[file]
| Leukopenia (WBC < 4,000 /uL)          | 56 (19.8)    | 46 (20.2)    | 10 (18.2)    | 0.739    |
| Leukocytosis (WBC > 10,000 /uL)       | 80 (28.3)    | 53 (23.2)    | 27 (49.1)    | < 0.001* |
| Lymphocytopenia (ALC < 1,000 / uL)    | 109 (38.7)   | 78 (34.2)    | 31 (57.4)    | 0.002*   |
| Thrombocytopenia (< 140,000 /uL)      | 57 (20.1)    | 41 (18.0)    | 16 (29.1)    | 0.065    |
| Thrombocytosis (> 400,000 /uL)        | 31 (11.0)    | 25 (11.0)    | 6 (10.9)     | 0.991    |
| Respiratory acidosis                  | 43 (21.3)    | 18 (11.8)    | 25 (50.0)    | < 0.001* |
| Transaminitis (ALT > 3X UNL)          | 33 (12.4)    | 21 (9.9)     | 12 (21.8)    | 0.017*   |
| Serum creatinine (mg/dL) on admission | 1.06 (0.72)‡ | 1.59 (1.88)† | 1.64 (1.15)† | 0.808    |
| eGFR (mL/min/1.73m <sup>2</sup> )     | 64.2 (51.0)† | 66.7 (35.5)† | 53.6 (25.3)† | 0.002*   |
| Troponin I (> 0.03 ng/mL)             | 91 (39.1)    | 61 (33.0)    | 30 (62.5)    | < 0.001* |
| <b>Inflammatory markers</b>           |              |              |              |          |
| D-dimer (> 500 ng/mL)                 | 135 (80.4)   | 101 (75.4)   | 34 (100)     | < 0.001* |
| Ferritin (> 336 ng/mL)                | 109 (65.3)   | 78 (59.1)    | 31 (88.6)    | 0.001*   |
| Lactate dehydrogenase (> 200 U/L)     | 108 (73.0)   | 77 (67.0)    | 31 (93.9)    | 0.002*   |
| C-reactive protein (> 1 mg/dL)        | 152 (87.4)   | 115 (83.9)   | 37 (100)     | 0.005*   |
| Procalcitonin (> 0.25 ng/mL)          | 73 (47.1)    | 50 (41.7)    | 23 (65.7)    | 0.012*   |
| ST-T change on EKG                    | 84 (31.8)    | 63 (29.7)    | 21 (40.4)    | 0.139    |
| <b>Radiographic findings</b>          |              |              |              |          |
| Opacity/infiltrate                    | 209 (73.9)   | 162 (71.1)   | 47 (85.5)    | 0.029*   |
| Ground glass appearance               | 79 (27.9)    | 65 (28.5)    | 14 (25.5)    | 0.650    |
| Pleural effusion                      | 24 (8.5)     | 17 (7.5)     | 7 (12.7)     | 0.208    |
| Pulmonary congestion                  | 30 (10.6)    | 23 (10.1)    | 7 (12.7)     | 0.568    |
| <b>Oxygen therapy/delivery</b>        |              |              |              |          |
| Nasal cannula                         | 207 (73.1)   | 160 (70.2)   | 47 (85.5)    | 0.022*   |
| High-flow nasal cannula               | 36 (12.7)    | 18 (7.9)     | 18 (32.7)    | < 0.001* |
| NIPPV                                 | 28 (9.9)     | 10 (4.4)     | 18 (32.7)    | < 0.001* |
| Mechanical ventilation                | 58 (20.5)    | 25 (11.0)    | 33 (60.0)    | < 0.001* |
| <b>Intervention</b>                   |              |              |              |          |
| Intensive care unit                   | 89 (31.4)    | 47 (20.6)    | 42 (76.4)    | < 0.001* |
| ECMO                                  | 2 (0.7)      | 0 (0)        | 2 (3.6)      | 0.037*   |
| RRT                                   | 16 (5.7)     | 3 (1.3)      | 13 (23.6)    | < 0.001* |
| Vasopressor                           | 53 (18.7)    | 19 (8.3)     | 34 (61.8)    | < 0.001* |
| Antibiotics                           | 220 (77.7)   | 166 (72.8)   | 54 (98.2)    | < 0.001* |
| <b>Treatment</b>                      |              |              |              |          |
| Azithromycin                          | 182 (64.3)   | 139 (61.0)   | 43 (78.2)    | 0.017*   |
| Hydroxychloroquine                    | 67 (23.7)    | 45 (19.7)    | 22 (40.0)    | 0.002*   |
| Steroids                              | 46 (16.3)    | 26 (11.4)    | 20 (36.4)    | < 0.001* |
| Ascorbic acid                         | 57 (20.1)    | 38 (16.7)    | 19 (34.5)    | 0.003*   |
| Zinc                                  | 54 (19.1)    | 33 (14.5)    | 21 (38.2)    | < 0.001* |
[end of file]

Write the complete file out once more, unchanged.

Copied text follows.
| Leukopenia (WBC < 4,000 /uL)          | 56 (19.8)    | 46 (20.2)    | 10 (18.2)    | 0.739    |
| Leukocytosis (WBC > 10,000 /uL)       | 80 (28.3)    | 53 (23.2)    | 27 (49.1)    | < 0.001* |
| Lymphocytopenia (ALC < 1,000 / uL)    | 109 (38.7)   | 78 (34.2)    | 31 (57.4)    | 0.002*   |
| Thrombocytopenia (< 140,000 /uL)      | 57 (20.1)    | 41 (18.0)    | 16 (29.1)    | 0.065    |
| Thrombocytosis (> 400,000 /uL)        | 31 (11.0)    | 25 (11.0)    | 6 (10.9)     | 0.991    |
| Respiratory acidosis                  | 43 (21.3)    | 18 (11.8)    | 25 (50.0)    | < 0.001* |
| Transaminitis (ALT > 3X UNL)          | 33 (12.4)    | 21 (9.9)     | 12 (21.8)    | 0.017*   |
| Serum creatinine (mg/dL) on admission | 1.06 (0.72)‡ | 1.59 (1.88)† | 1.64 (1.15)† | 0.808    |
| eGFR (mL/min/1.73m <sup>2</sup> )     | 64.2 (51.0)† | 66.7 (35.5)† | 53.6 (25.3)† | 0.002*   |
| Troponin I (> 0.03 ng/mL)             | 91 (39.1)    | 61 (33.0)    | 30 (62.5)    | < 0.001* |
| <b>Inflammatory markers</b>           |              |              |              |          |
| D-dimer (> 500 ng/mL)                 | 135 (80.4)   | 101 (75.4)   | 34 (100)     | < 0.001* |
| Ferritin (> 336 ng/mL)                | 109 (65.3)   | 78 (59.1)    | 31 (88.6)    | 0.001*   |
| Lactate dehydrogenase (> 200 U/L)     | 108 (73.0)   | 77 (67.0)    | 31 (93.9)    | 0.002*   |
| C-reactive protein (> 1 mg/dL)        | 152 (87.4)   | 115 (83.9)   | 37 (100)     | 0.005*   |
| Procalcitonin (> 0.25 ng/mL)          | 73 (47.1)    | 50 (41.7)    | 23 (65.7)    | 0.012*   |
| ST-T change on EKG                    | 84 (31.8)    | 63 (29.7)    | 21 (40.4)    | 0.139    |
| <b>Radiographic findings</b>          |              |              |              |          |
| Opacity/infiltrate                    | 209 (73.9)   | 162 (71.1)   | 47 (85.5)    | 0.029*   |
| Ground glass appearance               | 79 (27.9)    | 65 (28.5)    | 14 (25.5)    | 0.650    |
| Pleural effusion                      | 24 (8.5)     | 17 (7.5)     | 7 (12.7)     | 0.208    |
| Pulmonary congestion                  | 30 (10.6)    | 23 (10.1)    | 7 (12.7)     | 0.568    |
| <b>Oxygen therapy/delivery</b>        |              |              |              |          |
| Nasal cannula                         | 207 (73.1)   | 160 (70.2)   | 47 (85.5)    | 0.022*   |
| High-flow nasal cannula               | 36 (12.7)    | 18 (7.9)     | 18 (32.7)    | < 0.001* |
| NIPPV                                 | 28 (9.9)     | 10 (4.4)     | 18 (32.7)    | < 0.001* |
| Mechanical ventilation                | 58 (20.5)    | 25 (11.0)    | 33 (60.0)    | < 0.001* |
| <b>Intervention</b>                   |              |              |              |          |
| Intensive care unit                   | 89 (31.4)    | 47 (20.6)    | 42 (76.4)    | < 0.001* |
| ECMO                                  | 2 (0.7)      | 0 (0)        | 2 (3.6)      | 0.037*   |
| RRT                                   | 16 (5.7)     | 3 (1.3)      | 13 (23.6)    | < 0.001* |
| Vasopressor                           | 53 (18.7)    | 19 (8.3)     | 34 (61.8)    | < 0.001* |
| Antibiotics                           | 220 (77.7)   | 166 (72.8)   | 54 (98.2)    | < 0.001* |
| <b>Treatment</b>                      |              |              |              |          |
| Azithromycin                          | 182 (64.3)   | 139 (61.0)   | 43 (78.2)    | 0.017*   |
| Hydroxychloroquine                    | 67 (23.7)    | 45 (19.7)    | 22 (40.0)    | 0.002*   |
| Steroids                              | 46 (16.3)    | 26 (11.4)    | 20 (36.4)    | < 0.001* |
| Ascorbic acid                         | 57 (20.1)    | 38 (16.7)    | 19 (34.5)    | 0.003*   |
| Zinc                                  | 54 (19.1)    | 33 (14.5)    | 21 (38.2)    | < 0.001* |